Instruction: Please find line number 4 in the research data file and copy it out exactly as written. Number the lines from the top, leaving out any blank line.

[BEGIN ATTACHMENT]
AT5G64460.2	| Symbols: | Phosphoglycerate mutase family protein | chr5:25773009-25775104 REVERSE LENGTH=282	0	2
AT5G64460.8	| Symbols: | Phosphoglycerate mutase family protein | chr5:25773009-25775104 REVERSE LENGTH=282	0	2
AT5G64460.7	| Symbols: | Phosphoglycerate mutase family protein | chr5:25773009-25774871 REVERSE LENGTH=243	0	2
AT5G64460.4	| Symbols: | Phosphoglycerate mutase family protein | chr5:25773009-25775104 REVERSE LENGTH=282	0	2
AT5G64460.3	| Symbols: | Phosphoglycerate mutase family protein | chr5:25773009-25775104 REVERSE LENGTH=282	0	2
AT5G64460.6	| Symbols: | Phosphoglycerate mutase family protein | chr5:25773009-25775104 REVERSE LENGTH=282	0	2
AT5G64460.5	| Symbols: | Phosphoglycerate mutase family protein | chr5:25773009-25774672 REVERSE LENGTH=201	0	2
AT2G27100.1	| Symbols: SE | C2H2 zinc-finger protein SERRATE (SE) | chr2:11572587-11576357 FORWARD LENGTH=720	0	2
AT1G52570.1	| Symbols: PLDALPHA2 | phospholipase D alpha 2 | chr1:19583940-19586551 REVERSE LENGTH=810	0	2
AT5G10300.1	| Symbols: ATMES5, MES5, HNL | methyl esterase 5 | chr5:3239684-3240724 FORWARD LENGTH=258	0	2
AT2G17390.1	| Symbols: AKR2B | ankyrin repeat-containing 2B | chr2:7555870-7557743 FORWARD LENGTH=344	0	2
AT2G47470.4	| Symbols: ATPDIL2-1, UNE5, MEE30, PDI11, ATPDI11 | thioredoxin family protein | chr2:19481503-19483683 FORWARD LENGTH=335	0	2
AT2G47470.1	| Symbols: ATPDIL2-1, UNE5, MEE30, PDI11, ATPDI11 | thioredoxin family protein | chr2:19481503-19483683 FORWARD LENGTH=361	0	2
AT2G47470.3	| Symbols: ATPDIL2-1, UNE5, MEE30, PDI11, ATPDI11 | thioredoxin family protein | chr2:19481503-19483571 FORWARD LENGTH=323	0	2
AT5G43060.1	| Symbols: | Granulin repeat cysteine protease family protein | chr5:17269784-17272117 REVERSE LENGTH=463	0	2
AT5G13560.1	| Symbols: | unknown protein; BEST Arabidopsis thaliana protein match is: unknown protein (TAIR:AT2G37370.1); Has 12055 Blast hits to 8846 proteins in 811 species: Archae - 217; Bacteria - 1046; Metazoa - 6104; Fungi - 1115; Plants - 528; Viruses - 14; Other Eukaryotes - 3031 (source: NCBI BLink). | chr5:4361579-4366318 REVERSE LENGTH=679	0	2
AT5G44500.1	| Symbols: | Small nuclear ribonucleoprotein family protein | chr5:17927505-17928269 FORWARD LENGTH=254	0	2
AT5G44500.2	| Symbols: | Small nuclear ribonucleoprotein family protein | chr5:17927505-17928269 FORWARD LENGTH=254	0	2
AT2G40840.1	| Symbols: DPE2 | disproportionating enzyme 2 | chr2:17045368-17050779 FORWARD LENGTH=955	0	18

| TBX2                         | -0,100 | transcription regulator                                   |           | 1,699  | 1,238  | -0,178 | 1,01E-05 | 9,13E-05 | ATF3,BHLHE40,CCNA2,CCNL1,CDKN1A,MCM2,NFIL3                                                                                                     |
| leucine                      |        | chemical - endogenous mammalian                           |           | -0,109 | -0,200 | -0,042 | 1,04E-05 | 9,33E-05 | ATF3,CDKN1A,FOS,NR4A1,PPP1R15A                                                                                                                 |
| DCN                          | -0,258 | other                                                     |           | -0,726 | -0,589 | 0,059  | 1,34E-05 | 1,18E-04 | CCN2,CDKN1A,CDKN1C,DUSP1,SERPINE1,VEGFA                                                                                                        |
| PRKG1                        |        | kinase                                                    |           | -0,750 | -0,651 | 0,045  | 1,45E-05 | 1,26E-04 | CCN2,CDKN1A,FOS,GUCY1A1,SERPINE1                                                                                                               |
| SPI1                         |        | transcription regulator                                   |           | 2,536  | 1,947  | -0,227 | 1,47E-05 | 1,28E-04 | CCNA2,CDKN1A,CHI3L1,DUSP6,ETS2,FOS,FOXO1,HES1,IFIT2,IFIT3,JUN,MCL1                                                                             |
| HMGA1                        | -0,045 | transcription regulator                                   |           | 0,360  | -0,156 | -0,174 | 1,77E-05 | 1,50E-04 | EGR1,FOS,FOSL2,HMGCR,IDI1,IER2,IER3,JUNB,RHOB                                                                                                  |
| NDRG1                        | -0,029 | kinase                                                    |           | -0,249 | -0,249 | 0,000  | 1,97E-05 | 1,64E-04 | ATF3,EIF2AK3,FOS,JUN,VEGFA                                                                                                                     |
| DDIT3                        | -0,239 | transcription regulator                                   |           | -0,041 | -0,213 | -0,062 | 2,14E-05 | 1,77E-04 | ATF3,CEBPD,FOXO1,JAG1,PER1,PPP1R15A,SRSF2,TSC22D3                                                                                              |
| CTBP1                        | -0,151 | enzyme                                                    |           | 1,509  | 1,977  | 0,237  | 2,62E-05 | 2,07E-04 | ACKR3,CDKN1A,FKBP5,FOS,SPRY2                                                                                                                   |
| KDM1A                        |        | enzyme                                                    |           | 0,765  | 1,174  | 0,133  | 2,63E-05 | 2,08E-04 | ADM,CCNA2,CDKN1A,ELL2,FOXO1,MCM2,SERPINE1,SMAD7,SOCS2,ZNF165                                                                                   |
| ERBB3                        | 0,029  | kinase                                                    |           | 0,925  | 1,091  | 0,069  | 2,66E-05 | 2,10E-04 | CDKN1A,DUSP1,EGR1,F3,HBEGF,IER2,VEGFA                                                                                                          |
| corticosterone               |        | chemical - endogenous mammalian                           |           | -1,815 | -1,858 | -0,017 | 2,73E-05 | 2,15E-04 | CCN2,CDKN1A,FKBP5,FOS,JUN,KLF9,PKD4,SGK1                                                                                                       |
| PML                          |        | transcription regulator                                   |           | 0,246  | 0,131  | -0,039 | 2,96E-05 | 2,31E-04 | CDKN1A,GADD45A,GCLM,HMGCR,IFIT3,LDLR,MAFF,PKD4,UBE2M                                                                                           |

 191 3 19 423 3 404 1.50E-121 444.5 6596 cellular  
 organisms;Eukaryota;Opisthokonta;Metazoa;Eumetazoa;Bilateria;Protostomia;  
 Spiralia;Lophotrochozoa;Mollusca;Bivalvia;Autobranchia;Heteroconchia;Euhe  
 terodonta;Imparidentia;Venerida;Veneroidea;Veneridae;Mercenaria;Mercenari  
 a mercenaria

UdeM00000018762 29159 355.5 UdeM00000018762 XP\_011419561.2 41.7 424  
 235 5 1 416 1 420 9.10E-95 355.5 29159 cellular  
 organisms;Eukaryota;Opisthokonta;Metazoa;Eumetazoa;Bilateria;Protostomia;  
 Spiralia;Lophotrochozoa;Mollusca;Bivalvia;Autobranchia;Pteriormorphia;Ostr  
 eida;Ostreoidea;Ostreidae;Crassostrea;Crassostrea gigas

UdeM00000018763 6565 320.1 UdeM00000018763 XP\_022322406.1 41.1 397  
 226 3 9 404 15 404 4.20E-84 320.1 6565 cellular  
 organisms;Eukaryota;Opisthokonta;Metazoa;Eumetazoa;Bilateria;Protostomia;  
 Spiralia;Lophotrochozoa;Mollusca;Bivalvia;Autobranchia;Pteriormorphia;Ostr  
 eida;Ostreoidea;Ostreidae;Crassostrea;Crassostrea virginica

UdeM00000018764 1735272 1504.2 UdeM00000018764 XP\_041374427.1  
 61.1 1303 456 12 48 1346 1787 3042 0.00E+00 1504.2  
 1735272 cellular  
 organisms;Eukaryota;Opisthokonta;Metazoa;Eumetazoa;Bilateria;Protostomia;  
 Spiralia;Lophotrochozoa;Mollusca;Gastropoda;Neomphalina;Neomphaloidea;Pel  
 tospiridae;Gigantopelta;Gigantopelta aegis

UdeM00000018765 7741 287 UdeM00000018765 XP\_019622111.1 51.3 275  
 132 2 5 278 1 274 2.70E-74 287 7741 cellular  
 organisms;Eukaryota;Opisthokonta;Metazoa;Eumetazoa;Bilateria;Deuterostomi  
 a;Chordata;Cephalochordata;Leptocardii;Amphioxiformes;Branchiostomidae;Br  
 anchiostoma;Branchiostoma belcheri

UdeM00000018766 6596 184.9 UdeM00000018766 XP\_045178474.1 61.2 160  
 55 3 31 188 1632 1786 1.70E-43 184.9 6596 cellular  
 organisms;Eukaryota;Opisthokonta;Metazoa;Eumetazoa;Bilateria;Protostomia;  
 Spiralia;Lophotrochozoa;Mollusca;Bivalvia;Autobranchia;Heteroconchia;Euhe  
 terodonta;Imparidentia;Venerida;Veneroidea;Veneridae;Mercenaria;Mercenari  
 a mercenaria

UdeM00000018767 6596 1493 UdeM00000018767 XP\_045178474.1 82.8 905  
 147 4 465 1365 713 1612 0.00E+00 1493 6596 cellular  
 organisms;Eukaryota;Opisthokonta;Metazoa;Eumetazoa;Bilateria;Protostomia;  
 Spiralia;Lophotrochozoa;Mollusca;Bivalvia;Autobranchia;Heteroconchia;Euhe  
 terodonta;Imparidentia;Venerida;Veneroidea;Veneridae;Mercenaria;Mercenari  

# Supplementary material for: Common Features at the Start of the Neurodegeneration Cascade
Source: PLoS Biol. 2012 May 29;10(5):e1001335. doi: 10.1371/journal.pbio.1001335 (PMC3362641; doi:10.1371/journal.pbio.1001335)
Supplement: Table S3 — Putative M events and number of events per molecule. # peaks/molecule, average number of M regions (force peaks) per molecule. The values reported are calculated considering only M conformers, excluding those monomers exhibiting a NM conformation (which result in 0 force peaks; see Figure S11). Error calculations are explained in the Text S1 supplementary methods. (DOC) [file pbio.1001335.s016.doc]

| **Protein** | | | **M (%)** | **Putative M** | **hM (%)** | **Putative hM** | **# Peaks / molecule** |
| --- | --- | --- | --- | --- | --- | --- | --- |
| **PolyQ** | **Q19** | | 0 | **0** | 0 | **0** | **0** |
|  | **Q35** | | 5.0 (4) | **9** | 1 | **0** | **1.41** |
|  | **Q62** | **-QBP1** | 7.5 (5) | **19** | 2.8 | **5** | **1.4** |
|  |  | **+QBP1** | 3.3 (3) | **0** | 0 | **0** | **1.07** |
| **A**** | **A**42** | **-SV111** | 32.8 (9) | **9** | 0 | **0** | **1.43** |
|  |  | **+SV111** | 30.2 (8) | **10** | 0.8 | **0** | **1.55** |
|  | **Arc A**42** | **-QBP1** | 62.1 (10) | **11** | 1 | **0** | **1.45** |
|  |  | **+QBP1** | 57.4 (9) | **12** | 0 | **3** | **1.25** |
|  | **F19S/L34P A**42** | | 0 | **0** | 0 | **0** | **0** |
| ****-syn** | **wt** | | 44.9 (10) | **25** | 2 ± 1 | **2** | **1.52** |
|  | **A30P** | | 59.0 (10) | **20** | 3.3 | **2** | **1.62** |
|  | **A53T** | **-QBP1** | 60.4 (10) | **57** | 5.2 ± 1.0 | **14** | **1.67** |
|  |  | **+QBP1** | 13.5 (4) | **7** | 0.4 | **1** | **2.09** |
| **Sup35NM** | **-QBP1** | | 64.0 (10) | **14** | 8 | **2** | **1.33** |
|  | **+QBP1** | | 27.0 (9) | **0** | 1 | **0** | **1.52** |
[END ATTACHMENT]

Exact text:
AT5G64460.4	| Symbols: | Phosphoglycerate mutase family protein | chr5:25773009-25775104 REVERSE LENGTH=282	0	2